Living with ADHD

Adult ADHD: Help Family and Friends Understand

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Helping Family and Friends Understand ADHD

Relationships are often difficult when you live with ADHD. It may sometimes feel like your friends and family don’t really understand what it’s like to be you. It might feel like they blame you for your ADHD symptoms, and don’t understand how, exactly, ADHD affects you. 

ADHD is a difficult subject to talk about with loved ones. Here are 5 communication tips that can help you talk to your friends and family about what it’s like to live with ADHD.

Tell Them the Facts About ADHD

First, it’s important that you explain to your friends and family, to the best of your ability, the facts about ADHD. ADHD is still such a misunderstood condition, and adults with ADHD are often told, “But you don’t seem like you have ADHD.” If your friends and family are dubious of your ADHD diagnosis, this is a sign that they don’t truly understand what ADHD really is.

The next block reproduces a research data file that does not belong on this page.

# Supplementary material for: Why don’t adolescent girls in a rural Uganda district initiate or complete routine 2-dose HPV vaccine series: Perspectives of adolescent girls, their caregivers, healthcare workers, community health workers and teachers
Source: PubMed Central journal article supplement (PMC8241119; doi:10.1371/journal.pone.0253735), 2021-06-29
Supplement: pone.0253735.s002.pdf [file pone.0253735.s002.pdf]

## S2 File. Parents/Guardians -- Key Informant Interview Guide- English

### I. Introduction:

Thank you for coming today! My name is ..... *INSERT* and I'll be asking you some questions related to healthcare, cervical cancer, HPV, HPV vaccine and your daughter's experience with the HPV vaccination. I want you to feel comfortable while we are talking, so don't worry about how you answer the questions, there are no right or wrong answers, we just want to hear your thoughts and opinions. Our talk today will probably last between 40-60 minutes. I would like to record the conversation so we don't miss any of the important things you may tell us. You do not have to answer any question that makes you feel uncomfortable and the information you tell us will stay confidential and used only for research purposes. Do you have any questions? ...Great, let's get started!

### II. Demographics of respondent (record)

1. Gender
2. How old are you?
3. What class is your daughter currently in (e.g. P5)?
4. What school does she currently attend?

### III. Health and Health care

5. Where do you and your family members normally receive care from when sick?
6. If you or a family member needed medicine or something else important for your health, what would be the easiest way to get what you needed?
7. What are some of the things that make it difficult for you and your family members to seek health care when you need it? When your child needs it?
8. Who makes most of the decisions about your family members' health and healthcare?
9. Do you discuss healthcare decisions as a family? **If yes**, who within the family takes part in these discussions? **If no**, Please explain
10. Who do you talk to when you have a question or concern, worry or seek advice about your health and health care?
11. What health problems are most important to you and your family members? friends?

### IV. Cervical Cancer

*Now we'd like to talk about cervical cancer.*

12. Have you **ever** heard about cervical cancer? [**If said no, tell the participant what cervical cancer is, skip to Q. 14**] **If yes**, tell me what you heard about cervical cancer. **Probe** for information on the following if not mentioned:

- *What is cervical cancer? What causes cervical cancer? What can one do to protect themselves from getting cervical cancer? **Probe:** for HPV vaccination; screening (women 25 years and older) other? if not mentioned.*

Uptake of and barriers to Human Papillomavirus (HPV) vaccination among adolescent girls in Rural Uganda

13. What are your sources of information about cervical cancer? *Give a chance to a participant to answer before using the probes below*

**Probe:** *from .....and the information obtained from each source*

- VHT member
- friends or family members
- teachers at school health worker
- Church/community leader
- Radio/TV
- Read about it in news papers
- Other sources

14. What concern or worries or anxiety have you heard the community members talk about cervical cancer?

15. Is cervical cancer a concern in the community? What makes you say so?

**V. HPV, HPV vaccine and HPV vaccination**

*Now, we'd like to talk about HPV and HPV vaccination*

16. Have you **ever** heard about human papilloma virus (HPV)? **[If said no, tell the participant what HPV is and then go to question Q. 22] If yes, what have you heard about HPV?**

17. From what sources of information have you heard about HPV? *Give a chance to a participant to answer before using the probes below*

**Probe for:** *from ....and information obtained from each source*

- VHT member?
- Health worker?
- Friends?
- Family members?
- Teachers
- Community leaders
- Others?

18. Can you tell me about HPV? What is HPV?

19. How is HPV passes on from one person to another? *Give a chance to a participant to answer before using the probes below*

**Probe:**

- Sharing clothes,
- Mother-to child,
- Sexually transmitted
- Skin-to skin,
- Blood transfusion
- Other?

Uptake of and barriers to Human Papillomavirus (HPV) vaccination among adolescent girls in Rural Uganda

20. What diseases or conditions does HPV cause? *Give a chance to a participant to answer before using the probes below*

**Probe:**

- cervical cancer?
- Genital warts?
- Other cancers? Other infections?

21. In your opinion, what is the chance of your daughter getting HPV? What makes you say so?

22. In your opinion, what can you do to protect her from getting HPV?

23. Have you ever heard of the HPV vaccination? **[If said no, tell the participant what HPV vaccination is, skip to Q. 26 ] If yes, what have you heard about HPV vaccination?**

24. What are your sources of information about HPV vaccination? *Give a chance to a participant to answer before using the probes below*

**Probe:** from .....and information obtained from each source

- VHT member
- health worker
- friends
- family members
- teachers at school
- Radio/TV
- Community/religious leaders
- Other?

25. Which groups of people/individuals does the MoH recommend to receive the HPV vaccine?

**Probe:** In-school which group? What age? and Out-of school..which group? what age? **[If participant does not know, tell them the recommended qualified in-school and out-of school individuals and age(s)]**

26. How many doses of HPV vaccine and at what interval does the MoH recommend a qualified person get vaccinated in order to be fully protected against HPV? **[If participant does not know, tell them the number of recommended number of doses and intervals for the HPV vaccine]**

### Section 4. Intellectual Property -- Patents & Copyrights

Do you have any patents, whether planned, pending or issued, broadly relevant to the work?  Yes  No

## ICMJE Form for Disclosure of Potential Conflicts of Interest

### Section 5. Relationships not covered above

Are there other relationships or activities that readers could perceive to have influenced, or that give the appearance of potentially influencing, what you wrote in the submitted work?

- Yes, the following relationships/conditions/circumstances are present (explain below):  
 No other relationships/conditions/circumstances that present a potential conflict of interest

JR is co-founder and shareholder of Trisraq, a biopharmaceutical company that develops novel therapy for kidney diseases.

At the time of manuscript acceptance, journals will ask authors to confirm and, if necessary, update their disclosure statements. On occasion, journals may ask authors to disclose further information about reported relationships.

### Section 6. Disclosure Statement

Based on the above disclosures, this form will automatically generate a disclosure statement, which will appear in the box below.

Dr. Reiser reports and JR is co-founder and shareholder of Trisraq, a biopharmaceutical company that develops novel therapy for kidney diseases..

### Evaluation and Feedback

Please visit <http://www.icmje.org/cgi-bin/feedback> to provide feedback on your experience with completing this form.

Explain to them that ADHD is a neurodevelopmental condition that causes a deficit in executive function. You can lay out examples of how this affects you. If the science behind ADHD feels too complex for you to explain, guide your loved ones toward online resources like YouTube videos that accurately explain ADHD.

Explain in Small Info-Bytes

ADHD is a complex disorder with many different symptoms. While it’s important to explain the facts behind ADHD, trying to get your friends and family to understand everything about the disorder in one sitting is bound to lead to frustration for both sides.

Instead of trying to give a comprehensive lecture on everything there is to know about ADHD, you may find it more helpful to explain one facet of ADHD at a time. For example, maybe you can talk about hyperfocus one day, and impulsivity on another.

Invite Them to an Appointment